Released: 5th October 1998
Writers: Dion Rambo / Jacques Richmond
Peak position: #1
Chart run: 1-3-10-10-22-24-30-39-48-66-X-71-75
There was little need to change the formula for Billie Piper’s second single, such was the success of her debut. It was little surprise, then, that Girlfriend proved just as popular.
Innocent Records were taking absolutely no chances here. Having found a selling point for Billie Piper that pitched her as politely precocious and acceptably rebellious – enough to appeal to a young teen audience but not so much that parents would disapprove – she became the youngest ever act to debut at #1 with Because We Want To (a record still held to date). The same team who’d created that track was also responsible for the follow-up. Girlfriend was recycled – with a few minor lyrical adjustments – from the album Strictly Rollin’ by First Class, a four-piece R&B girl group. Having only been released in Japan, for all intents and purposes, Do You Have A Girlfriend was an original composition that could be revised (and given a shorter title) to fit the style and convention of Because We Want To. It’s not the most imaginative strategy but was sensibly risk-averse in the build-up to Billie Piper’s debut album, Honey To The B, nonetheless.
Girlfriend is, thus, constructed in much the same way as Because We Want To, offering an even more unequivocal mix of cutesy hooks (there’s a naggingly catchy: “Shoo be doo be doo doop boo hoo…” refrain this time) and scratchy, contemporary production with some subtle twinkly piano riffs thrown in for good measure. Oddly, the radio mix – courtesy of Cutfather & Joe – used for the single is not the version of the song that appeared on Honey To The B, despite the album being released several weeks after Girlfriend. The original features a fuller, warmer instrumental throughout, with vocals that are pitched at a fractionally quicker tempo, giving the track a slightly more bombastic, effervescent presence. It’s not such a difference that the album edit isn’t a perfectly functional alternative. Still, the existence of two versions seems unnecessary, given Innocent Records had several months to revise the tracklist of Honey To The B. Or, at the very least, it could have been amended on subsequent pressings.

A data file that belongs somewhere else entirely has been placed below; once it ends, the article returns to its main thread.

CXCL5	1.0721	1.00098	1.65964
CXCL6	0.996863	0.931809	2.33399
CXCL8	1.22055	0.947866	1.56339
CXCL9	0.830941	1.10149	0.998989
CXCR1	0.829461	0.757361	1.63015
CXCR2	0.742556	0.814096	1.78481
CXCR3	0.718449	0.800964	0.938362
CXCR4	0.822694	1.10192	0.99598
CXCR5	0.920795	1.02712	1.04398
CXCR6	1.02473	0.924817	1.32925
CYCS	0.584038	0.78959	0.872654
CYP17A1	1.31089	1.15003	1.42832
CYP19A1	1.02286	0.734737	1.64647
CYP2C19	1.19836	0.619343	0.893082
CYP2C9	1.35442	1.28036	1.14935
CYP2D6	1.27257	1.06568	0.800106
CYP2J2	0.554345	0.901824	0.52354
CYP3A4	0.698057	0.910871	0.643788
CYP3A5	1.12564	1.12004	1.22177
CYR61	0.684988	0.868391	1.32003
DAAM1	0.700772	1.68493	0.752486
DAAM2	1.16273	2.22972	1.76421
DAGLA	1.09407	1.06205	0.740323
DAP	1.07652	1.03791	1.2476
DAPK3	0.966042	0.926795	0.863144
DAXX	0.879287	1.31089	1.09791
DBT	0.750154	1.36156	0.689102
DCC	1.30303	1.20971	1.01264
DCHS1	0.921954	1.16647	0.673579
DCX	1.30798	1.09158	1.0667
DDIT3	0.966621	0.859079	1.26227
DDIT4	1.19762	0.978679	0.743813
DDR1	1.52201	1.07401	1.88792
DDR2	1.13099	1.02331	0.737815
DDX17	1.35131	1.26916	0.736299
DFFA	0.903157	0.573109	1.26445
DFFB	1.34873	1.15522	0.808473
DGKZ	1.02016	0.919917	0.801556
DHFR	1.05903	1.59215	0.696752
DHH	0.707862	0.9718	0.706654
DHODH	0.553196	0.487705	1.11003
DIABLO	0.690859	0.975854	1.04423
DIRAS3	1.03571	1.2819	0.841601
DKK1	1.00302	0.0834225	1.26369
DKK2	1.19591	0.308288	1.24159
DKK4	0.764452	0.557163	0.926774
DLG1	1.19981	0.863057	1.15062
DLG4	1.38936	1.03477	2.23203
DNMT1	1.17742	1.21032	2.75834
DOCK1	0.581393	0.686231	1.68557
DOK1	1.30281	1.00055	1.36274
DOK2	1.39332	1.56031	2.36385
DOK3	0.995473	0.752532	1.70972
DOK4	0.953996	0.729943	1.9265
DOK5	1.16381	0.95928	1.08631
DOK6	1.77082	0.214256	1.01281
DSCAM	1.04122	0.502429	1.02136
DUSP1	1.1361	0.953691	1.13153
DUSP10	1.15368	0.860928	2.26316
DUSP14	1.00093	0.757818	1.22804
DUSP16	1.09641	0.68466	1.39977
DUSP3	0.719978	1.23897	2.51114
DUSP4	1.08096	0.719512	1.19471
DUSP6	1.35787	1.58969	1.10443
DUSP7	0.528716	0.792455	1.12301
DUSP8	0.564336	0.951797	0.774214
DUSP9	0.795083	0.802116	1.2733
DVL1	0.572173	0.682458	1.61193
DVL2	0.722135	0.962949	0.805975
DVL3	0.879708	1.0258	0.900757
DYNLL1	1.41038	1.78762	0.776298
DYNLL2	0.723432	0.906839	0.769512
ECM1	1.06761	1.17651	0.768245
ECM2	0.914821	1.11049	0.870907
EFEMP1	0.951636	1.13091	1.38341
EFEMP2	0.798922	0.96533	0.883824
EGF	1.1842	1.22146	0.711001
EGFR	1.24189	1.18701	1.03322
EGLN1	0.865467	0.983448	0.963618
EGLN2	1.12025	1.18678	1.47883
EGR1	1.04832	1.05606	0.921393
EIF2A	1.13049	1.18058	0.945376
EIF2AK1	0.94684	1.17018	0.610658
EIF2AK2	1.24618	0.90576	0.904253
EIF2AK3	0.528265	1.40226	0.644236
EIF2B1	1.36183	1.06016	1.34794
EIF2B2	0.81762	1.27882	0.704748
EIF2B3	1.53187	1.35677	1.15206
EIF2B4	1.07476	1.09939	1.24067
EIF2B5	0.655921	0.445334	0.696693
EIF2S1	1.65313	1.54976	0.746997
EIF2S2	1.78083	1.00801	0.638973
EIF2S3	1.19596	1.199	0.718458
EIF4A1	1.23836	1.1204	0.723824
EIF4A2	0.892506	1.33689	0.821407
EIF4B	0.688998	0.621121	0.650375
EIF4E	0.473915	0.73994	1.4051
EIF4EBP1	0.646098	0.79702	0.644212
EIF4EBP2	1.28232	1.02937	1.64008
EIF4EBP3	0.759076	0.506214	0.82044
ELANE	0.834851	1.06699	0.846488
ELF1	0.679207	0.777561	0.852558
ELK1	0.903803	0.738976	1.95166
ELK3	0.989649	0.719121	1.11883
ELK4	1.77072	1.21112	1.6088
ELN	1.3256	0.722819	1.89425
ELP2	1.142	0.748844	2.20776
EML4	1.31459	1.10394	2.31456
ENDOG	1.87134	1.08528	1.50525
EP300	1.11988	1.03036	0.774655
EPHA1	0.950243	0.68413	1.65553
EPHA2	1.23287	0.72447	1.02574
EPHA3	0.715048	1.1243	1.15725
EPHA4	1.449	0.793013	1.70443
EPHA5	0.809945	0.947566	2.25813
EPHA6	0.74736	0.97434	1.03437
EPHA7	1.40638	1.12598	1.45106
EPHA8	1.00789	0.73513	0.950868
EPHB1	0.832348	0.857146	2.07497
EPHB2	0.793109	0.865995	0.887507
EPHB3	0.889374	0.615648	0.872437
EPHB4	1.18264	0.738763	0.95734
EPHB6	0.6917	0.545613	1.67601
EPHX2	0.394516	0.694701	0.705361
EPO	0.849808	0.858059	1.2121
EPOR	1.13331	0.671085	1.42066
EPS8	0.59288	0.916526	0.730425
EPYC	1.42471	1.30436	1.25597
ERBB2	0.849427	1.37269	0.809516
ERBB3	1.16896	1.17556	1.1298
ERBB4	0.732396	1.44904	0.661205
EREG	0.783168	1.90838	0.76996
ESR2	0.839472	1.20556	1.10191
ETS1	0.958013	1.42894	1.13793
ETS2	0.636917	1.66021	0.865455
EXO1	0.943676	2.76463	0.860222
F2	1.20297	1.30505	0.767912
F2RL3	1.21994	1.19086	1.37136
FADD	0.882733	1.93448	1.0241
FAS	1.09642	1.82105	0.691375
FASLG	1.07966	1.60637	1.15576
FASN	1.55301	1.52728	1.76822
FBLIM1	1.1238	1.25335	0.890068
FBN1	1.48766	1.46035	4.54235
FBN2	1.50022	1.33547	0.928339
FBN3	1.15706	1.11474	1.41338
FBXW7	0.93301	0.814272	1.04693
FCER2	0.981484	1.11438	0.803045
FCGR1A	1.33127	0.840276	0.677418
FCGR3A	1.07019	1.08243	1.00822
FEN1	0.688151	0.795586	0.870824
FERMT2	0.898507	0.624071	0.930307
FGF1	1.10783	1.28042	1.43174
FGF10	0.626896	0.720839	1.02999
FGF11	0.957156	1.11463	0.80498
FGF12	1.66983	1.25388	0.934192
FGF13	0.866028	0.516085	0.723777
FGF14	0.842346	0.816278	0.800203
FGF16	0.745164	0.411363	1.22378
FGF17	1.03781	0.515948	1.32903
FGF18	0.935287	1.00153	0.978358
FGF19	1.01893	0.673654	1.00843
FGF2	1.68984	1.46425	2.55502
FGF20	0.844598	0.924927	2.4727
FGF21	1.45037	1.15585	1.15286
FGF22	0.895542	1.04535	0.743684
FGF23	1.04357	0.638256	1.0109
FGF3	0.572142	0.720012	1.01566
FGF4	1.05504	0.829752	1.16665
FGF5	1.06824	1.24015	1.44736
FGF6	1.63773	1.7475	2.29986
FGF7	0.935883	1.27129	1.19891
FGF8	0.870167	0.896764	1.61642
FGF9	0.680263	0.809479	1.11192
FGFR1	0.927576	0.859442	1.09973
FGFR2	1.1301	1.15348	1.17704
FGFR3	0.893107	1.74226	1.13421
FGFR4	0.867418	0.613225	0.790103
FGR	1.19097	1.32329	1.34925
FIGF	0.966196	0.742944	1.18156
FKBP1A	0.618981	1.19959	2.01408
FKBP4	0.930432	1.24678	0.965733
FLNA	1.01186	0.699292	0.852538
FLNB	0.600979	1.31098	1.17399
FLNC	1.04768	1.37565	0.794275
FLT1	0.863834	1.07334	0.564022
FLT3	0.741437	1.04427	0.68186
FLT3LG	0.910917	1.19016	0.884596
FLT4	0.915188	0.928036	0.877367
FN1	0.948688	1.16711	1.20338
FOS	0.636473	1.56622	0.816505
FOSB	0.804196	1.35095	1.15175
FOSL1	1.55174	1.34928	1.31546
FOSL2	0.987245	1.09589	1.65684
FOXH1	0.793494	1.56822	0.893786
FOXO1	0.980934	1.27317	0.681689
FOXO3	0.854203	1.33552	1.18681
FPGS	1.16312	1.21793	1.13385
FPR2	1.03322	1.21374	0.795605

The songwriting remains intuitively perceptive to the world that Billie Piper’s audience would expect her to inhabit as she grapples with the complexity of teenage relationships. The verses have her pragmatically recounting what is happening while distorted backing vocals relay an inner monologue: “Heard a slow song, you don’t waste time baby, when you asked me if I wanted to dance (sure I wanna dance); playing hard to get takes too long sugar, so I told my friends that I found a man (you’re the one)”. Billie Piper’s personality had already been established as one of headstrong self-belief, so there’s very little room for overwrought angst, which is actually quite refreshing.
The pre-chorus delves more into what’s happening behind the cool façade Billie Piper is projecting, with revelations about the intensity of her feelings: “I know it might sound strange, but I pictured us alone, and you’re kissing me in ways I can’t tell, no; if my thoughts of you are true, then I wanna get with you, so I’ll step in while I’m given the chance, yeah”. It’s articulated in such a way – not least with an immensely catchy hook – that despite her newfound fame, Billie Piper comes across as still prone to the same raging teenage hormones as her target market and thus remains inherently relatable.